Mahler's Third Symphony and the Languages of Transcendence
Francisco, Megan Hollis
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A work reaching beyond any of his previous compositional efforts, Gustav Mahler’s Third Symphony embodies cultural, political, and philosophical ideals of the Viennese fin-de-siècle generation. Comprising six enormous movements and lasting over ninety minutes, the work stretches the boundaries of symphonic form while simultaneously testing the patience of its listeners. Mahler provided a brief program to accompany his symphony, which begins with creation, moves through inanimate flowers to animals, before finally reaching humanity in the fourth movement. In this movement, Mahler used an excerpt from Friedrich Nietzsche’s "Also sprach Zarathustra" to introduce spoken language into the symphony. The relationship of music and language plays an integral role in Mahler’s expressive design of the Third Symphony, specifically in his vision of transcendence. Mahler creates a subtle transformation from elevated language (the fourth) to a polytextuality of folksong and onomatopoeia (the fifth) that culminates in the final, transcendent sixth movement. Throughout these last three movements, Mahler incorporates philosophical concepts from Nietzsche and his beloved Arthur Schopenhauer. In studying the treatment of language in these culminating movements, this thesis shows how Nietzsche’s metaphysical philosophies help listeners encounter and transcend Schopenhauer’s Will at the climactic end of the Third Symphony.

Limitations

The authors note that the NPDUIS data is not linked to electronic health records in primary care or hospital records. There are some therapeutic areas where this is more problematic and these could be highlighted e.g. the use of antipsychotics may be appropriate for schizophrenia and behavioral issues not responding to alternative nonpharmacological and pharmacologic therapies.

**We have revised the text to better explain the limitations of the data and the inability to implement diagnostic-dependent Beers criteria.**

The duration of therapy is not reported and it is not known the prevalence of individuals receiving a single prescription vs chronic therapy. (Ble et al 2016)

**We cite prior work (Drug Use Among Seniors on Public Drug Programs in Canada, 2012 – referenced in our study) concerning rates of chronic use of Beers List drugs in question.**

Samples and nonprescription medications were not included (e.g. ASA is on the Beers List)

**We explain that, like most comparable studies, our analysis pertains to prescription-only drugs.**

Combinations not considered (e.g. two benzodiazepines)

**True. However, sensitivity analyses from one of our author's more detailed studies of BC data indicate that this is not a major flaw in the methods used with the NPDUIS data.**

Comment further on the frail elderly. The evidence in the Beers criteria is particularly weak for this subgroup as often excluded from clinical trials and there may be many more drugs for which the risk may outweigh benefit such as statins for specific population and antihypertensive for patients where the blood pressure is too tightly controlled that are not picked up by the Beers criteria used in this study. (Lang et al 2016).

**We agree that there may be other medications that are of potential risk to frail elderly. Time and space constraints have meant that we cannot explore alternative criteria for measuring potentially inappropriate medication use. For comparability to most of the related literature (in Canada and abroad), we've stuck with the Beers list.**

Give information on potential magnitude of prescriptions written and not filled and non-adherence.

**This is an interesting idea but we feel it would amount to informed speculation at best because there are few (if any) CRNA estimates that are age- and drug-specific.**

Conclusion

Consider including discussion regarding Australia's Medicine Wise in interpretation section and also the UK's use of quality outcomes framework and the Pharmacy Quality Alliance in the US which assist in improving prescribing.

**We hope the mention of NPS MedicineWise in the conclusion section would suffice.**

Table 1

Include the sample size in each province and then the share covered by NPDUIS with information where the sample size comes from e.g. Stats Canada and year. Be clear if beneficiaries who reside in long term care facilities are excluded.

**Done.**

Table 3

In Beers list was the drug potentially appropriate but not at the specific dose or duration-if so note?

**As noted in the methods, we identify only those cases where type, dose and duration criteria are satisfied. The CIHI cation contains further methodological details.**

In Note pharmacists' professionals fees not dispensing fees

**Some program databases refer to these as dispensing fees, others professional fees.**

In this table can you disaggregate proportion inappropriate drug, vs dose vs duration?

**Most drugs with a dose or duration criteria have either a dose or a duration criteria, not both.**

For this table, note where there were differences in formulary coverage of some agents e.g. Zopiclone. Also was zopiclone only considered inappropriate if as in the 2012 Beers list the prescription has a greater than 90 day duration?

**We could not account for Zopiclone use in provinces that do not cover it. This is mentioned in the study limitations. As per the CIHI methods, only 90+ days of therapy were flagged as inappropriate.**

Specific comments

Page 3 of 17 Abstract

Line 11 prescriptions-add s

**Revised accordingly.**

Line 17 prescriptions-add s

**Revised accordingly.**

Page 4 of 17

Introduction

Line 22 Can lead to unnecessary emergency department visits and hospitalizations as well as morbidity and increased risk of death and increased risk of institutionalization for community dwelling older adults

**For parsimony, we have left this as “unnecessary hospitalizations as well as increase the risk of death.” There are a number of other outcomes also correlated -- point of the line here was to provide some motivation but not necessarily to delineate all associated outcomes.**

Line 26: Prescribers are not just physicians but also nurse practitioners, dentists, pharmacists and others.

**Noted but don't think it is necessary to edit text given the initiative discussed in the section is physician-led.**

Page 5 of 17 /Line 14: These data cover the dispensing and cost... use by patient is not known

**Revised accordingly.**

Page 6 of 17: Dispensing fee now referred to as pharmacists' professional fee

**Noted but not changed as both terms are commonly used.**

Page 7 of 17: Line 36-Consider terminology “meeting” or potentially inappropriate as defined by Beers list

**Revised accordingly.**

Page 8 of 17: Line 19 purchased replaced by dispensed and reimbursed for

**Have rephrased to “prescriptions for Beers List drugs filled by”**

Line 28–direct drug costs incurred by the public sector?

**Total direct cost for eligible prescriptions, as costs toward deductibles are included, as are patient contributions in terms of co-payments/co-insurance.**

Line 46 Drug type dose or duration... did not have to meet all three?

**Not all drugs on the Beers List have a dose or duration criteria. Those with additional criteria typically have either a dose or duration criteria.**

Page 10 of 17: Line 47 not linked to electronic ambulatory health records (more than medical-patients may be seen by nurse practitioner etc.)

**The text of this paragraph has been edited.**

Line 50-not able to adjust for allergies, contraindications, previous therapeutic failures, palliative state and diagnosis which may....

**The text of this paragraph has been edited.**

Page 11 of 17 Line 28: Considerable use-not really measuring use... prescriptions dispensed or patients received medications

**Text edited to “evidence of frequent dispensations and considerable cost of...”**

- Music